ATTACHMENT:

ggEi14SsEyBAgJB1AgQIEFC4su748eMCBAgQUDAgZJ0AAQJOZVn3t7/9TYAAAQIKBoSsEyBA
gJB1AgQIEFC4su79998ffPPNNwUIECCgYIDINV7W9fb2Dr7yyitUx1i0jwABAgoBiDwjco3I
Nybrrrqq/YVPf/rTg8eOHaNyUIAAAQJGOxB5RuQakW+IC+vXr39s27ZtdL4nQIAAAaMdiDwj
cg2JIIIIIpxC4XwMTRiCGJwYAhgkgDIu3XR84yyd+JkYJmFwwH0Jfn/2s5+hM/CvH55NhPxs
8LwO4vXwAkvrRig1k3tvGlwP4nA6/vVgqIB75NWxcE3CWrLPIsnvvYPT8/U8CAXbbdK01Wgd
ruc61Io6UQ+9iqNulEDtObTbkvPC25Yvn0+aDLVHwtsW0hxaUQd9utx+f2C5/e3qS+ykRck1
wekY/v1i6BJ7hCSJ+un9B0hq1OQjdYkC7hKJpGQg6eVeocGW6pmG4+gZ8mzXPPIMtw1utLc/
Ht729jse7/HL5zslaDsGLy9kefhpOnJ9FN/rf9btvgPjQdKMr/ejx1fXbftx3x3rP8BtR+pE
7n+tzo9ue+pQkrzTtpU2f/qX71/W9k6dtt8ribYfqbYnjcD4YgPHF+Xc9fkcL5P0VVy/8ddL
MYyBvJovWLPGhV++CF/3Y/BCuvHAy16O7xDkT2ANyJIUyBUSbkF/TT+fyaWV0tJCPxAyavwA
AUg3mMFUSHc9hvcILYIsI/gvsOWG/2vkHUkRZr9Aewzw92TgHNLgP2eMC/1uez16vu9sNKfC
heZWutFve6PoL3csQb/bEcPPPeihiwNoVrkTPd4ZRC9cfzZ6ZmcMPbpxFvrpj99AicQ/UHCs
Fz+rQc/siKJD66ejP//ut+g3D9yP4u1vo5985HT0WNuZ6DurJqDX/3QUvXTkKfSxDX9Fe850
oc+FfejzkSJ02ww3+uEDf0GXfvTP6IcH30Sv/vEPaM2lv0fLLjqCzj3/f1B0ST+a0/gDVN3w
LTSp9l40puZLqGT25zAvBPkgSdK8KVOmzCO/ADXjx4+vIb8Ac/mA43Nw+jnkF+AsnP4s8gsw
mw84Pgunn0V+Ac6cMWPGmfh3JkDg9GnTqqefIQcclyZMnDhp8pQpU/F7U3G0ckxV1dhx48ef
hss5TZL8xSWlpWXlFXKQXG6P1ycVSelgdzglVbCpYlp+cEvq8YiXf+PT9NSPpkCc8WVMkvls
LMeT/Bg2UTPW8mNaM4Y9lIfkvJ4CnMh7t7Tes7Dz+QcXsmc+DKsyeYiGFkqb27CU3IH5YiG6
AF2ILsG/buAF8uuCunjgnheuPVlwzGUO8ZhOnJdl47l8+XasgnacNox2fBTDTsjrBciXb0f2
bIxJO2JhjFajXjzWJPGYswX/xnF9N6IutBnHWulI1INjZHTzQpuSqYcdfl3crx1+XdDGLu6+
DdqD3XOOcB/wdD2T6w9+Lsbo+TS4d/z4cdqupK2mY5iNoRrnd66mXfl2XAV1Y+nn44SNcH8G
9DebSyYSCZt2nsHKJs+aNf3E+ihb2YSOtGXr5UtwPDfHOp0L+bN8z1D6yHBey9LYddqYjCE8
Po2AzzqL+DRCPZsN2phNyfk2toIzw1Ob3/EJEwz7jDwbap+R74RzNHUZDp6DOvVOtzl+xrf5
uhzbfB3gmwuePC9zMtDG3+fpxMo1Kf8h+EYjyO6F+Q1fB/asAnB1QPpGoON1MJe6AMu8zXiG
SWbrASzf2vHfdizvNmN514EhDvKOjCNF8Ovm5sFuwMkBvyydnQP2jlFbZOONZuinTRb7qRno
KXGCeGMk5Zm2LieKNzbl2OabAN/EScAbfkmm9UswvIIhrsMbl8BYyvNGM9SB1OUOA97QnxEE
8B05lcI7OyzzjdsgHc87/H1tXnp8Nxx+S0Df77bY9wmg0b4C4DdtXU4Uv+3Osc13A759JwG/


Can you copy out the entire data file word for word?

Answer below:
ggEi14SsEyBAgJB1AgQIEFC4su748eMCBAgQUDAgZJ0AAQJOZVn3t7/9TYAAAQIKBoSsEyBA
gJB1AgQIEFC4su79998ffPPNNwUIECCgYIDINV7W9fb2Dr7yyitUx1i0jwABAgoBiDwjco3I
Nybrrrqq/YVPf/rTg8eOHaNyUIAAAQJGOxB5RuQakW+IC+vXr39s27ZtdL4nQIAAAaMdiDwj
cg2JIIIIIpxC4XwMTRiCGJwYAhgkgDIu3XR84yyd+JkYJmFwwH0Jfn/2s5+hM/CvH55NhPxs
8LwO4vXwAkvrRig1k3tvGlwP4nA6/vVgqIB75NWxcE3CWrLPIsnvvYPT8/U8CAXbbdK01Wgd
ruc61Io6UQ+9iqNulEDtObTbkvPC25Yvn0+aDLVHwtsW0hxaUQd9utx+f2C5/e3qS+ykRck1
wekY/v1i6BJ7hCSJ+un9B0hq1OQjdYkC7hKJpGQg6eVeocGW6pmG4+gZ8mzXPPIMtw1utLc/
Ht729jse7/HL5zslaDsGLy9kefhpOnJ9FN/rf9btvgPjQdKMr/ejx1fXbftx3x3rP8BtR+pE
7n+tzo9ue+pQkrzTtpU2f/qX71/W9k6dtt8ribYfqbYnjcD4YgPHF+Xc9fkcL5P0VVy/8ddL
MYyBvJovWLPGhV++CF/3Y/BCuvHAy16O7xDkT2ANyJIUyBUSbkF/TT+fyaWV0tJCPxAyavwA
AUg3mMFUSHc9hvcILYIsI/gvsOWG/2vkHUkRZr9Aewzw92TgHNLgP2eMC/1uez16vu9sNKfC
heZWutFve6PoL3csQb/bEcPPPeihiwNoVrkTPd4ZRC9cfzZ6ZmcMPbpxFvrpj99AicQ/UHCs
Fz+rQc/siKJD66ejP//ut+g3D9yP4u1vo5985HT0WNuZ6DurJqDX/3QUvXTkKfSxDX9Fe850
oc+FfejzkSJ02ww3+uEDf0GXfvTP6IcH30Sv/vEPaM2lv0fLLjqCzj3/f1B0ST+a0/gDVN3w
LTSp9l40puZLqGT25zAvBPkgSdK8KVOmzCO/ADXjx4+vIb8Ac/mA43Nw+jnkF+AsnP4s8gsw
mw84Pgunn0V+Ac6cMWPGmfh3JkDg9GnTqqefIQcclyZMnDhp8pQpU/F7U3G0ckxV1dhx48ef
hss5TZL8xSWlpWXlFXKQXG6P1ycVSelgdzglVbCpYlp+cEvq8YiXf+PT9NSPpkCc8WVMkvls
LMeT/Bg2UTPW8mNaM4Y9lIfkvJ4CnMh7t7Tes7Dz+QcXsmc+DKsyeYiGFkqb27CU3IH5YiG6
AF2ILsG/buAF8uuCunjgnheuPVlwzGUO8ZhOnJdl47l8+XasgnacNox2fBTDTsjrBciXb0f2
bIxJO2JhjFajXjzWJPGYswX/xnF9N6IutBnHWulI1INjZHTzQpuSqYcdfl3crx1+XdDGLu6+
DdqD3XOOcB/wdD2T6w9+Lsbo+TS4d/z4cdqupK2mY5iNoRrnd66mXfl2XAV1Y+nn44SNcH8G
9DebSyYSCZt2nsHKJs+aNf3E+ihb2YSOtGXr5UtwPDfHOp0L+bN8z1D6yHBey9LYddqYjCE8
Po2AzzqL+DRCPZsN2phNyfk2toIzw1Ob3/EJEwz7jDwbap+R74RzNHUZDp6DOvVOtzl+xrf5
uhzbfB3gmwuePC9zMtDG3+fpxMo1Kf8h+EYjyO6F+Q1fB/asAnB1QPpGoON1MJe6AMu8zXiG
SWbrASzf2vHfdizvNmN514EhDvKOjCNF8Ovm5sFuwMkBvyydnQP2jlFbZOONZuinTRb7qRno
KXGCeGMk5Zm2LieKNzbl2OabAN/EScAbfkmm9UswvIIhrsMbl8BYyvNGM9SB1OUOA97QnxEE
8B05lcI7OyzzjdsgHc87/H1tXnp8Nxx+S0Df77bY9wmg0b4C4DdtXU4Uv+3Osc13A759JwG/